The U.S. Justice Department has announced that medical marijuana dispensaries and licensed growers located in states with medical marijuana laws are not immune from prosecution for violation of federal drug and money-laundering laws. Currently the medical use of marijuana is legal in 16 states and the District of Columbia, USA Today reports.
According to the article, Deputy Attorney General James Cole wrote a policy memo to federal prosecutors that states, “Persons who are in the business of cultivating, selling or distributing marijuana, and those who knowingly facilitate such activities, are in violation of the Controlled Substances Act, regardless of state law.”
The Justice Department memo follows recent warning letters from the federal government to officials in several states including Washington, California, Colorado, Montana and Rhode Island about medical marijuana laws. The warning letters have prompted several states to start reevaluating their laws. The recent letters from U.S. attorneys indicate that people involved in the growing, dispensing and regulating of medical marijuana have the potential to be prosecuted—even if they are following state laws.
In 2009, the Justice Department said that prosecutors should not focus their investigations on patients and caregivers who complied with state medical marijuana laws, the newspaper states. Cole’s memo says that has not changed. A Justice Department spokesperson said the memo is a clarification of existing policy, rather than a new policy.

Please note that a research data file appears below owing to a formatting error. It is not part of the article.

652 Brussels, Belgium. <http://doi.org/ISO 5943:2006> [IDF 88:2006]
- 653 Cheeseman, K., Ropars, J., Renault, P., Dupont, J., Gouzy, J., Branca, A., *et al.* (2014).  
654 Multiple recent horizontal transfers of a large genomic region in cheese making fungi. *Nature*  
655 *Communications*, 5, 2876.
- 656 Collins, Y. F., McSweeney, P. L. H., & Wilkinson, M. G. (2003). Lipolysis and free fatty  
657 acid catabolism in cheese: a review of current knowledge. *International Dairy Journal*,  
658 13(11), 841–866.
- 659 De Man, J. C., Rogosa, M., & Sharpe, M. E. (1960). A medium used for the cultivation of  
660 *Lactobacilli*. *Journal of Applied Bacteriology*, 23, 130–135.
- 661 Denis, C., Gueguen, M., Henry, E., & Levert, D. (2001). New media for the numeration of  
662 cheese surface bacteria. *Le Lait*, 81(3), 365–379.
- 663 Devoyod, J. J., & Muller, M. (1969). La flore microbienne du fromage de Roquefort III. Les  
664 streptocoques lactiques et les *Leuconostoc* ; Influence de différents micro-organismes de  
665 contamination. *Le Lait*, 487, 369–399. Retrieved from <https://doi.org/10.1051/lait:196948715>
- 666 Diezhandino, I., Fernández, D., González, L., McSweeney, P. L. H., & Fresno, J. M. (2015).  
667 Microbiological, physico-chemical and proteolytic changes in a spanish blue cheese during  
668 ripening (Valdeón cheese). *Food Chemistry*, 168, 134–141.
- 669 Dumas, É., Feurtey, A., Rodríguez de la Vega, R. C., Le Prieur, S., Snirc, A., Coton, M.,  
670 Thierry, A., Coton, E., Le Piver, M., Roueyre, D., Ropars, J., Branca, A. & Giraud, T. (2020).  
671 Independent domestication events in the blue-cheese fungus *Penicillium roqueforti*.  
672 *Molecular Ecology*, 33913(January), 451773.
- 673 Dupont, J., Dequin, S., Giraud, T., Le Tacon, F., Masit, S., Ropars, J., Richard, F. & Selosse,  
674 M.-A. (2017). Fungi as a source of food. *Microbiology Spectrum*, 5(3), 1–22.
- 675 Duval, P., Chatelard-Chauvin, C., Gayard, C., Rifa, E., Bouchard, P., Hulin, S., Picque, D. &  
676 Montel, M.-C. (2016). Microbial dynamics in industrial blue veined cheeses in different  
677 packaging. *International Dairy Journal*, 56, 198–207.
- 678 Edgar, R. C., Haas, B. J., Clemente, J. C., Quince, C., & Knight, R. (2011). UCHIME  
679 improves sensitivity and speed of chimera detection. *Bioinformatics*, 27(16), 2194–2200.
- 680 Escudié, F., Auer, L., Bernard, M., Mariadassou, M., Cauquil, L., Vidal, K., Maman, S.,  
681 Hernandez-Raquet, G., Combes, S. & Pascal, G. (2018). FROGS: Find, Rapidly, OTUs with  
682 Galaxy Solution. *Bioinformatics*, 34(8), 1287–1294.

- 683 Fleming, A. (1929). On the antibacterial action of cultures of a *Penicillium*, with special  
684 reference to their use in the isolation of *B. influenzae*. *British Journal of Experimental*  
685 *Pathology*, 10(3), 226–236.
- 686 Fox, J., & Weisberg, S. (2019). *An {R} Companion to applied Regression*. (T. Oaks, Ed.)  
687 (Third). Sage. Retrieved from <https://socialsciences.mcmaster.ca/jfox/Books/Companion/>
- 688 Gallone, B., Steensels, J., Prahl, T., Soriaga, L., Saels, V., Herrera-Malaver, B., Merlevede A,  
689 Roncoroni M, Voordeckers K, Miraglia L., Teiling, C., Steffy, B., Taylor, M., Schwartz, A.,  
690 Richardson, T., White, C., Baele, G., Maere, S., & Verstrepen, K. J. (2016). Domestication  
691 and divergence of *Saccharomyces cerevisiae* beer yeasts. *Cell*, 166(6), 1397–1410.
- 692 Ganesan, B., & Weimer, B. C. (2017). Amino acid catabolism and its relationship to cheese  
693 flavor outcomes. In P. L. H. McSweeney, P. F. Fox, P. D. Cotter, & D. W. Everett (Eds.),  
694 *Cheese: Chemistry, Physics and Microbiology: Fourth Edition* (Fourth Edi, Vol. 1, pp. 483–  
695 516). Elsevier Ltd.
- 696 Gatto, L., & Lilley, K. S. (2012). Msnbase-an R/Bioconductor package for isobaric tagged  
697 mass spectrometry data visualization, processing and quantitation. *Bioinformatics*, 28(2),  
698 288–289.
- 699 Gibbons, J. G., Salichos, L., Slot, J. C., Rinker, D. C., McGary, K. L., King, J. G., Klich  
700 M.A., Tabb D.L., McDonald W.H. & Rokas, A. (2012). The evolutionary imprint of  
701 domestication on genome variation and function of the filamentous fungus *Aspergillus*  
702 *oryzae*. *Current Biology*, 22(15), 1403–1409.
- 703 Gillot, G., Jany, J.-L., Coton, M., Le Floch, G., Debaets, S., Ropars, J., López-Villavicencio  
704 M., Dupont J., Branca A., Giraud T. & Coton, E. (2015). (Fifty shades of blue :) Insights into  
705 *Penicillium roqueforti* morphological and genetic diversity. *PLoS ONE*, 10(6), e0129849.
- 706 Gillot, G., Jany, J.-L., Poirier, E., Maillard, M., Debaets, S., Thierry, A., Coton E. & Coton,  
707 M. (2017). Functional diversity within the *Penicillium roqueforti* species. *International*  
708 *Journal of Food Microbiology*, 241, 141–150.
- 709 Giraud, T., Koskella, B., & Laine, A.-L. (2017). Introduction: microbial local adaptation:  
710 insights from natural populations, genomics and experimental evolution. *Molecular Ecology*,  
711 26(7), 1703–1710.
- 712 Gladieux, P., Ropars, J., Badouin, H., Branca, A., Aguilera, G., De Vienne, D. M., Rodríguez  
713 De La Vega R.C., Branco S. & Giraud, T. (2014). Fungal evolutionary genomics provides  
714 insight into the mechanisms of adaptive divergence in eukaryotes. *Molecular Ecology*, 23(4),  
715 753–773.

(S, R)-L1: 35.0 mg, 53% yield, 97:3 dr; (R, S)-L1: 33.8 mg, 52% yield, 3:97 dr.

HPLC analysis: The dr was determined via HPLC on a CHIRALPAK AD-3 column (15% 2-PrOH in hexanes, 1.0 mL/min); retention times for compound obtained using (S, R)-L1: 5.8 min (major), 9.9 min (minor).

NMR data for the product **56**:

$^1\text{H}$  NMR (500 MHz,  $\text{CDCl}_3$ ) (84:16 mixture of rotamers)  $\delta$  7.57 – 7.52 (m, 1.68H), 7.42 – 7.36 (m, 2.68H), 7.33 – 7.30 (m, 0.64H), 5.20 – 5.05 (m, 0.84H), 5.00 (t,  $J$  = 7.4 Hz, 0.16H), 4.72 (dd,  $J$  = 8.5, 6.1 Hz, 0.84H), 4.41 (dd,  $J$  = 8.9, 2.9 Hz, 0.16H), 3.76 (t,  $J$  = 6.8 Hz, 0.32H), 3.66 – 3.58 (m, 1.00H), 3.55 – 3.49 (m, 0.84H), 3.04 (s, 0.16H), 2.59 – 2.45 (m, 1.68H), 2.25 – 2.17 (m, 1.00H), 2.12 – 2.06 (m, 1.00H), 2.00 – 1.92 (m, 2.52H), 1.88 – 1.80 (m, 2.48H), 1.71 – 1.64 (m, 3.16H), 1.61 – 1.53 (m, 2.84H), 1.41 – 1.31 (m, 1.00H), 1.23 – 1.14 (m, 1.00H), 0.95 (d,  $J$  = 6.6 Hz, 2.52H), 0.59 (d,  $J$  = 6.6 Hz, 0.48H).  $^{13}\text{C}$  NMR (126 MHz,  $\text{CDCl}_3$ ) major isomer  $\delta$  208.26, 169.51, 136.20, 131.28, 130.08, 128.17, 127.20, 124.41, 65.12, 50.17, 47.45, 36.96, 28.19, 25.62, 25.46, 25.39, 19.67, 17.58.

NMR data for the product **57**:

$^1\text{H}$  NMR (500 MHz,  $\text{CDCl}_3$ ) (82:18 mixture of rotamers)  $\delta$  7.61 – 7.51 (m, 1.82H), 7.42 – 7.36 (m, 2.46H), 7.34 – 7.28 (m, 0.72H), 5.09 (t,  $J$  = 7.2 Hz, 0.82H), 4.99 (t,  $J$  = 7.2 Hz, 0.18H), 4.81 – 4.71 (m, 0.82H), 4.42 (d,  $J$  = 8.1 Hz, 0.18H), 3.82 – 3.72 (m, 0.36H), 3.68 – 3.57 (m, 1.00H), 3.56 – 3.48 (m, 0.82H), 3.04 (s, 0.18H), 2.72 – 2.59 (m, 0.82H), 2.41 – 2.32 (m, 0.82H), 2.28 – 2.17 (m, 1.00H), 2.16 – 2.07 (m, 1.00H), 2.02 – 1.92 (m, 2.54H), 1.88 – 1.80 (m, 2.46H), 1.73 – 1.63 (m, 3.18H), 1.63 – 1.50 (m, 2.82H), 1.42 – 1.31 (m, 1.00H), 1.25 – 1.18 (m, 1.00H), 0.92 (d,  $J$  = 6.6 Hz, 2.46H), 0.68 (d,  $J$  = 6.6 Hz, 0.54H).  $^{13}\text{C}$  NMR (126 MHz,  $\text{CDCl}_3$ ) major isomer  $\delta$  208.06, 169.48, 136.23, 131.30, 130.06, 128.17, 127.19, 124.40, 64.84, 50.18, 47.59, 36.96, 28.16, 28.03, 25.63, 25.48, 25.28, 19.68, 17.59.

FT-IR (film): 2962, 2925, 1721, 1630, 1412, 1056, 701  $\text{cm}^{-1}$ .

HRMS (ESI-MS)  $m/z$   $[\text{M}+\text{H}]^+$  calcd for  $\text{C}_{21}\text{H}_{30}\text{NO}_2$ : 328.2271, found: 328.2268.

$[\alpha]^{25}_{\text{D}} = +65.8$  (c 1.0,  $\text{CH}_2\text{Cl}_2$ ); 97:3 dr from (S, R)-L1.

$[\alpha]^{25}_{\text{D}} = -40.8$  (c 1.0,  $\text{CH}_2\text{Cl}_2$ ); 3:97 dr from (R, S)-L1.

In a blog post about the Justice Department memo, the Office of National Drug Control Policy wrote, “Research shows that marijuana use in its raw form is harmful and its average potency has tripled in the past 20 years. Studies also show teens are using the drug at earlier ages and the earlier a person begins to use drugs, the more likely they are to progress to more serious abuse and addiction. According to HHS [the Department of Health and Human Services], past-year prevalence of marijuana dependence in the U.S. population is higher than that for any other illicit drug and over 150,000 people who showed up voluntarily at treatment facilities in 2009 reported marijuana as their primary substance of abuse.”